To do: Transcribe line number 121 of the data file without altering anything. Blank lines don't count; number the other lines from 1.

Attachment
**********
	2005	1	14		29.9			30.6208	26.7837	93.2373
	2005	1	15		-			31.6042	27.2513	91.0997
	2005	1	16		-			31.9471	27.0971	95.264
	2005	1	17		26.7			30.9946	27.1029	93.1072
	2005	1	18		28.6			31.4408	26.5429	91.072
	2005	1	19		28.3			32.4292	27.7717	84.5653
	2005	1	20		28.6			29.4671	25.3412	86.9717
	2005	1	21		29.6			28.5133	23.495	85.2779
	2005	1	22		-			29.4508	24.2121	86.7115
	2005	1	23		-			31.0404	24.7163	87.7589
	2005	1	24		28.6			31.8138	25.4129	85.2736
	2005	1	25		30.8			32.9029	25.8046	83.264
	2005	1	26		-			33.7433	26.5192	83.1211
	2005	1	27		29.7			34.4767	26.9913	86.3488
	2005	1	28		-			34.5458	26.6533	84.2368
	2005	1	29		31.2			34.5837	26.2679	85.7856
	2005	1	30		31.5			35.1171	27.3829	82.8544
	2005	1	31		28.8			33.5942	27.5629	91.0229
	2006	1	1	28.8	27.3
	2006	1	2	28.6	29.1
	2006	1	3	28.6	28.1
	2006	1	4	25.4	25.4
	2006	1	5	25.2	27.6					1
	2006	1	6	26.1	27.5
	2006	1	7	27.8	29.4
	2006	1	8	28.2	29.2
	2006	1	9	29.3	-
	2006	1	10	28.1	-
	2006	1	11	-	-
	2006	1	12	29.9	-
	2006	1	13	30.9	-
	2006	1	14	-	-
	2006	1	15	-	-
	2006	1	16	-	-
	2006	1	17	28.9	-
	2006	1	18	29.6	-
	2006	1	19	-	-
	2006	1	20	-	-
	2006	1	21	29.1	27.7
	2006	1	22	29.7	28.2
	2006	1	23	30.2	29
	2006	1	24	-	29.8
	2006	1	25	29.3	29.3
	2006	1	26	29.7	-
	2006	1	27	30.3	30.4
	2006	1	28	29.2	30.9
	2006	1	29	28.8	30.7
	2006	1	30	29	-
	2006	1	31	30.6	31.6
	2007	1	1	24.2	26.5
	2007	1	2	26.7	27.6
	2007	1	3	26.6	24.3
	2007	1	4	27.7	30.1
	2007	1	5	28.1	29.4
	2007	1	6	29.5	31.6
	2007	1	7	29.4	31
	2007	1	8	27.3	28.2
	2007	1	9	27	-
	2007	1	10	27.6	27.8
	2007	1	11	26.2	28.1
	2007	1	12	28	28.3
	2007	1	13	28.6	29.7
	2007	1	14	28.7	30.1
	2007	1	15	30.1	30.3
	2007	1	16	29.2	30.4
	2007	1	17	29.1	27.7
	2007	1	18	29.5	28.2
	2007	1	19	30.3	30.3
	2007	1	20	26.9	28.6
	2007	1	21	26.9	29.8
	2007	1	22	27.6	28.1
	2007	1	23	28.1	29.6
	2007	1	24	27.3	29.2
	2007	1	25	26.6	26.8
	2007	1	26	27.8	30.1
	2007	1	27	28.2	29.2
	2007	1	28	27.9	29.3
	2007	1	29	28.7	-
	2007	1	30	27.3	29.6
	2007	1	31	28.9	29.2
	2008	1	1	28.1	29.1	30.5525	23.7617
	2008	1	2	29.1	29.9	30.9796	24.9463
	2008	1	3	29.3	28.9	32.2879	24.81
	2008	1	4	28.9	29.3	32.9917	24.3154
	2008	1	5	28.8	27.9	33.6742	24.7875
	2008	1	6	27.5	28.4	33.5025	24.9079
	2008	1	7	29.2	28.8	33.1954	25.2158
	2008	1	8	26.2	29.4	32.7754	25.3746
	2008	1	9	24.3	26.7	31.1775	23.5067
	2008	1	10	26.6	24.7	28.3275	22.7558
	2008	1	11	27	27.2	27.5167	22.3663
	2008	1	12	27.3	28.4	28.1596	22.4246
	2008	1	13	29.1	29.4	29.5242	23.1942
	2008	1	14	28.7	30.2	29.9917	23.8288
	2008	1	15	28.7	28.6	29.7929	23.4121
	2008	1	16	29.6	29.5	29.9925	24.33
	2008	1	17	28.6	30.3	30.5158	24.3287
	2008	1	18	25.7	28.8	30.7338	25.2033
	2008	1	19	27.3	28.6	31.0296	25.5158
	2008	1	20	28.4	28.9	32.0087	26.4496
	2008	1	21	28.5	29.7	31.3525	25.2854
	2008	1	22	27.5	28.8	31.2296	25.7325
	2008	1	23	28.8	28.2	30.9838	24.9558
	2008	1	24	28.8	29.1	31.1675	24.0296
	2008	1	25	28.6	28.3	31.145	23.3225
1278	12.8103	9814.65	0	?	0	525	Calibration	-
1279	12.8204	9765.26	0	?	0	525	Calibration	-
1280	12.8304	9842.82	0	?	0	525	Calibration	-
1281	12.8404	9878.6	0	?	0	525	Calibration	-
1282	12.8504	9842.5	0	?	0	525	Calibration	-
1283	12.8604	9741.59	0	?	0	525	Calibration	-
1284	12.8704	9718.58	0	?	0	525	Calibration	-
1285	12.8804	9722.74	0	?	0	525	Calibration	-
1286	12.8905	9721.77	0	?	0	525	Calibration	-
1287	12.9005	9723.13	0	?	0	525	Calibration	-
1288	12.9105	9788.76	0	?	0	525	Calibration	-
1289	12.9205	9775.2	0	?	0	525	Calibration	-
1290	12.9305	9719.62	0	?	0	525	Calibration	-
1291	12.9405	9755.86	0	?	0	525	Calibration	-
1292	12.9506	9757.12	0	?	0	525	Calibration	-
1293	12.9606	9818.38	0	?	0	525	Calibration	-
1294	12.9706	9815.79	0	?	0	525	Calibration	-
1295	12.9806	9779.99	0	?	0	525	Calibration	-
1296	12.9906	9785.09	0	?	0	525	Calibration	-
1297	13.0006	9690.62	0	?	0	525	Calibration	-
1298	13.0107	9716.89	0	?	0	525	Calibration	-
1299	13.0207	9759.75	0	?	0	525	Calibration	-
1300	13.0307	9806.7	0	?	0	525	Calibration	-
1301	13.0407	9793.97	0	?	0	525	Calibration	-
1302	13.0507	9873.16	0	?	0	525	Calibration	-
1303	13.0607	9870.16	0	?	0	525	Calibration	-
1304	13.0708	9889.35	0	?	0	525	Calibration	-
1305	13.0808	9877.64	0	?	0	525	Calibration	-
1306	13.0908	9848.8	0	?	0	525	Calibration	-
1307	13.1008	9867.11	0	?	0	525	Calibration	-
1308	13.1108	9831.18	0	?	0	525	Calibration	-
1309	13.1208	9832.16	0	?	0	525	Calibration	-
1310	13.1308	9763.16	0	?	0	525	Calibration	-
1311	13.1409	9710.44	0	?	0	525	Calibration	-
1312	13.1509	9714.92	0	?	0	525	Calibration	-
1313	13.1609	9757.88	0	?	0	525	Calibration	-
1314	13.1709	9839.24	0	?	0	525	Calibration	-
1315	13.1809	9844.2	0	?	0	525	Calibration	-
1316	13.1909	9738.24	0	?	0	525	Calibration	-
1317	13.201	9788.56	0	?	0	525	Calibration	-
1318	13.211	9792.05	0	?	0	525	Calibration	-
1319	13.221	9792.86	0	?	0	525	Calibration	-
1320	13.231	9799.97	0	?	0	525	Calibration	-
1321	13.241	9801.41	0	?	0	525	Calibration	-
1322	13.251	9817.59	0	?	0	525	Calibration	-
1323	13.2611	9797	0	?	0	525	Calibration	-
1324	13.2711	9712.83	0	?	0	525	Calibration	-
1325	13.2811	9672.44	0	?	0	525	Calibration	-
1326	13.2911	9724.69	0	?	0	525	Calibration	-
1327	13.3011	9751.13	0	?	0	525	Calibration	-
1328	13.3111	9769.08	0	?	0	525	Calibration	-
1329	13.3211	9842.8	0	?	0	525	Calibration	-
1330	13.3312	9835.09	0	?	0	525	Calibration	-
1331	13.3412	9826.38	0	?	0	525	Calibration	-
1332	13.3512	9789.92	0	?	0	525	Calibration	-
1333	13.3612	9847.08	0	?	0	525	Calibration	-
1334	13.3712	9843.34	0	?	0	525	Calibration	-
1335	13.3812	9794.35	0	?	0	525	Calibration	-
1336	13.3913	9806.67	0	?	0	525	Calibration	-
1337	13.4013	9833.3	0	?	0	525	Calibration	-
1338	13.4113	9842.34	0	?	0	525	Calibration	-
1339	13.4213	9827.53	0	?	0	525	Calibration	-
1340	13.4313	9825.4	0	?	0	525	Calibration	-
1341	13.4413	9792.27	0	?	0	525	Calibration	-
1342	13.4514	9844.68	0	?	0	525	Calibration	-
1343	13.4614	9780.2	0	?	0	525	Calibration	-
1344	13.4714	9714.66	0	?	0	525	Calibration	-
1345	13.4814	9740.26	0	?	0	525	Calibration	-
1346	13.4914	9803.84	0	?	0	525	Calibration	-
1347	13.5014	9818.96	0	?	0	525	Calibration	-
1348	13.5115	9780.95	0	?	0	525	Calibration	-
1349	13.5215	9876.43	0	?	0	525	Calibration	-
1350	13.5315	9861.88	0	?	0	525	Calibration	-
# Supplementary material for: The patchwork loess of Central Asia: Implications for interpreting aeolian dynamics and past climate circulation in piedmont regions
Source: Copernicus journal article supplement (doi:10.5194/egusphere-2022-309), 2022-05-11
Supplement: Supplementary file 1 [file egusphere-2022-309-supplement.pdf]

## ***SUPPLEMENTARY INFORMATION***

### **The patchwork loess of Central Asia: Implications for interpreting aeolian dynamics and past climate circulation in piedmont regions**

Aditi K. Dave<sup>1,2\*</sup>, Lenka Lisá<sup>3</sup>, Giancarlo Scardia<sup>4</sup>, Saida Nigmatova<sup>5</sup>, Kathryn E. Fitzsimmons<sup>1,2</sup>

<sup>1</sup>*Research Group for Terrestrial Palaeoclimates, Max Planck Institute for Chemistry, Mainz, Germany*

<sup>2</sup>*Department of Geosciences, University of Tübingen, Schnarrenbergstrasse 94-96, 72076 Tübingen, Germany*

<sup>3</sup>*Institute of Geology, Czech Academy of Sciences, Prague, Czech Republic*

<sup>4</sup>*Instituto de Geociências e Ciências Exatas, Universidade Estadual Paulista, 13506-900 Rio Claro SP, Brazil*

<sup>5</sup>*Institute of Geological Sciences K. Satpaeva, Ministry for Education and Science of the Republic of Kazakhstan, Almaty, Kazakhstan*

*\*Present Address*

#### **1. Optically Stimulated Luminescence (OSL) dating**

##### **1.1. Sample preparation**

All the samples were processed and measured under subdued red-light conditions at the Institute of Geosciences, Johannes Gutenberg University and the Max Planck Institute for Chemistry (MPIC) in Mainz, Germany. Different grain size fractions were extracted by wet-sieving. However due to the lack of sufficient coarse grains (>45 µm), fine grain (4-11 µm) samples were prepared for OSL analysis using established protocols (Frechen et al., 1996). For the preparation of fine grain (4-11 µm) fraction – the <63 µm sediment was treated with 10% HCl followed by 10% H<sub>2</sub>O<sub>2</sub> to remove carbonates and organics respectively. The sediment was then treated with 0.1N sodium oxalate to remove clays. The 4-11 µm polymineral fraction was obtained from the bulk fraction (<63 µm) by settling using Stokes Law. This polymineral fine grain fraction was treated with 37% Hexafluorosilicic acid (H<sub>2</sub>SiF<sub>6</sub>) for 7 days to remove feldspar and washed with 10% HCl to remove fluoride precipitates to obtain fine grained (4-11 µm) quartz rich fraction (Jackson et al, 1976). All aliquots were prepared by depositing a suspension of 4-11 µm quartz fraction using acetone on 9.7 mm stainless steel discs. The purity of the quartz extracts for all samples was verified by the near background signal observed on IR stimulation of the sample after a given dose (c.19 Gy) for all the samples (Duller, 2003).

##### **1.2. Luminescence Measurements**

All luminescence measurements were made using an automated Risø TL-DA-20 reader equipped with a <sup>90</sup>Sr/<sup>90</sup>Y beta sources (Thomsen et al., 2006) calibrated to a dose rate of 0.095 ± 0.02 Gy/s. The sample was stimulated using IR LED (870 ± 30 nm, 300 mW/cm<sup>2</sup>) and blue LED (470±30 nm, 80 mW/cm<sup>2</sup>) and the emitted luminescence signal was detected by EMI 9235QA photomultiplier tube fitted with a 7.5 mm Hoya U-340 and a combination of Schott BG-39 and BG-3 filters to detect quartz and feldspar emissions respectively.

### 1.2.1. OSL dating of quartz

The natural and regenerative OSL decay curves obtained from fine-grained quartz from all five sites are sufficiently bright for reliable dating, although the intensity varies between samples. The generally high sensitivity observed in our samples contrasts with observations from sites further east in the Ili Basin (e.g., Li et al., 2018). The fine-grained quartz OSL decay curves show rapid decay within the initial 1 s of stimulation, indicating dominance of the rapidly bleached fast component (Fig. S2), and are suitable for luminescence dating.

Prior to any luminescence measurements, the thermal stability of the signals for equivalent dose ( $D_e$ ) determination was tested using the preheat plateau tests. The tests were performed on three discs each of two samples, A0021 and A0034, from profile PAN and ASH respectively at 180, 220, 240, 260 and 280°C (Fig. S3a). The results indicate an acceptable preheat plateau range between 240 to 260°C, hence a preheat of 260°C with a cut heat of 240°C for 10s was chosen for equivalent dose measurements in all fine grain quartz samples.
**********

1293	12.9606	9818.38	0	?	0	525	Calibration	-